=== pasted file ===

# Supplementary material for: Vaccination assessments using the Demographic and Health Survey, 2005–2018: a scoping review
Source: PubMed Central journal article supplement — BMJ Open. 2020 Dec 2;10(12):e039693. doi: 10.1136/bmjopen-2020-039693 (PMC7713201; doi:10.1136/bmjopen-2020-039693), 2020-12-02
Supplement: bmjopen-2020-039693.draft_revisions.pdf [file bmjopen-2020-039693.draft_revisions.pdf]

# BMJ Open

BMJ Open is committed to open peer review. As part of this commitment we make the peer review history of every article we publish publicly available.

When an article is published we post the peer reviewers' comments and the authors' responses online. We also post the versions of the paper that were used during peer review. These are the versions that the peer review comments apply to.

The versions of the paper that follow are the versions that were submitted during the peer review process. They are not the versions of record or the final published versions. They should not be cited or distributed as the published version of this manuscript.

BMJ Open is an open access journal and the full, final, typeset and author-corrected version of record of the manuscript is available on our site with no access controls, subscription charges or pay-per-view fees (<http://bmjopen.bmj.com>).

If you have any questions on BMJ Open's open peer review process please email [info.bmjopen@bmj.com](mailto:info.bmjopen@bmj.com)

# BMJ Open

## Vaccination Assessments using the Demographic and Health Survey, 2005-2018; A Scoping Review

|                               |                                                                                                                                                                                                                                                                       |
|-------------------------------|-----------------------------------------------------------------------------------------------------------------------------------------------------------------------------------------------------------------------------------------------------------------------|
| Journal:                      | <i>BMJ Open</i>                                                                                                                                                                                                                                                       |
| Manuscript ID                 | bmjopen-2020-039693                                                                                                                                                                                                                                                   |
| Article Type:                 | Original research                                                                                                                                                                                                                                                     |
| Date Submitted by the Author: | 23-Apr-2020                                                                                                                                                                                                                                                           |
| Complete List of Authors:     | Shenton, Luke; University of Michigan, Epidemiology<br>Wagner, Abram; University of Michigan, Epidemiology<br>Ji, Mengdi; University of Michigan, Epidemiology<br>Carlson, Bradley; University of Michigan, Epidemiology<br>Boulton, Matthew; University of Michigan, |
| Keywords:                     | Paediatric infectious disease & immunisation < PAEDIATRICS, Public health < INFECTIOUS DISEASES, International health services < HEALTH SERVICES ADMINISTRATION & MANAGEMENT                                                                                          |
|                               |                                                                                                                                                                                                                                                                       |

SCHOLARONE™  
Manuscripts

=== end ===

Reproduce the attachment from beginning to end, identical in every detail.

# Supplementary material for: Vaccination assessments using the Demographic and Health Survey, 2005–2018: a scoping review
Source: PubMed Central journal article supplement — BMJ Open. 2020 Dec 2;10(12):e039693. doi: 10.1136/bmjopen-2020-039693 (PMC7713201; doi:10.1136/bmjopen-2020-039693), 2020-12-02
Supplement: bmjopen-2020-039693.draft_revisions.pdf [file bmjopen-2020-039693.draft_revisions.pdf]

# BMJ Open

BMJ Open is committed to open peer review. As part of this commitment we make the peer review history of every article we publish publicly available.

When an article is published we post the peer reviewers' comments and the authors' responses online. We also post the versions of the paper that were used during peer review. These are the versions that the peer review comments apply to.

The versions of the paper that follow are the versions that were submitted during the peer review process. They are not the versions of record or the final published versions. They should not be cited or distributed as the published version of this manuscript.

BMJ Open is an open access journal and the full, final, typeset and author-corrected version of record of the manuscript is available on our site with no access controls, subscription charges or pay-per-view fees (<http://bmjopen.bmj.com>).

If you have any questions on BMJ Open's open peer review process please email [info.bmjopen@bmj.com](mailto:info.bmjopen@bmj.com)

# BMJ Open

## Vaccination Assessments using the Demographic and Health Survey, 2005-2018; A Scoping Review

|                               |                                                                                                                                                                                                                                                                       |
|-------------------------------|-----------------------------------------------------------------------------------------------------------------------------------------------------------------------------------------------------------------------------------------------------------------------|
| Journal:                      | <i>BMJ Open</i>                                                                                                                                                                                                                                                       |
| Manuscript ID                 | bmjopen-2020-039693                                                                                                                                                                                                                                                   |
| Article Type:                 | Original research                                                                                                                                                                                                                                                     |
| Date Submitted by the Author: | 23-Apr-2020                                                                                                                                                                                                                                                           |
| Complete List of Authors:     | Shenton, Luke; University of Michigan, Epidemiology<br>Wagner, Abram; University of Michigan, Epidemiology<br>Ji, Mengdi; University of Michigan, Epidemiology<br>Carlson, Bradley; University of Michigan, Epidemiology<br>Boulton, Matthew; University of Michigan, |
| Keywords:                     | Paediatric infectious disease & immunisation < PAEDIATRICS, Public health < INFECTIOUS DISEASES, International health services < HEALTH SERVICES ADMINISTRATION & MANAGEMENT                                                                                          |
|                               |                                                                                                                                                                                                                                                                       |

SCHOLARONE™  
Manuscripts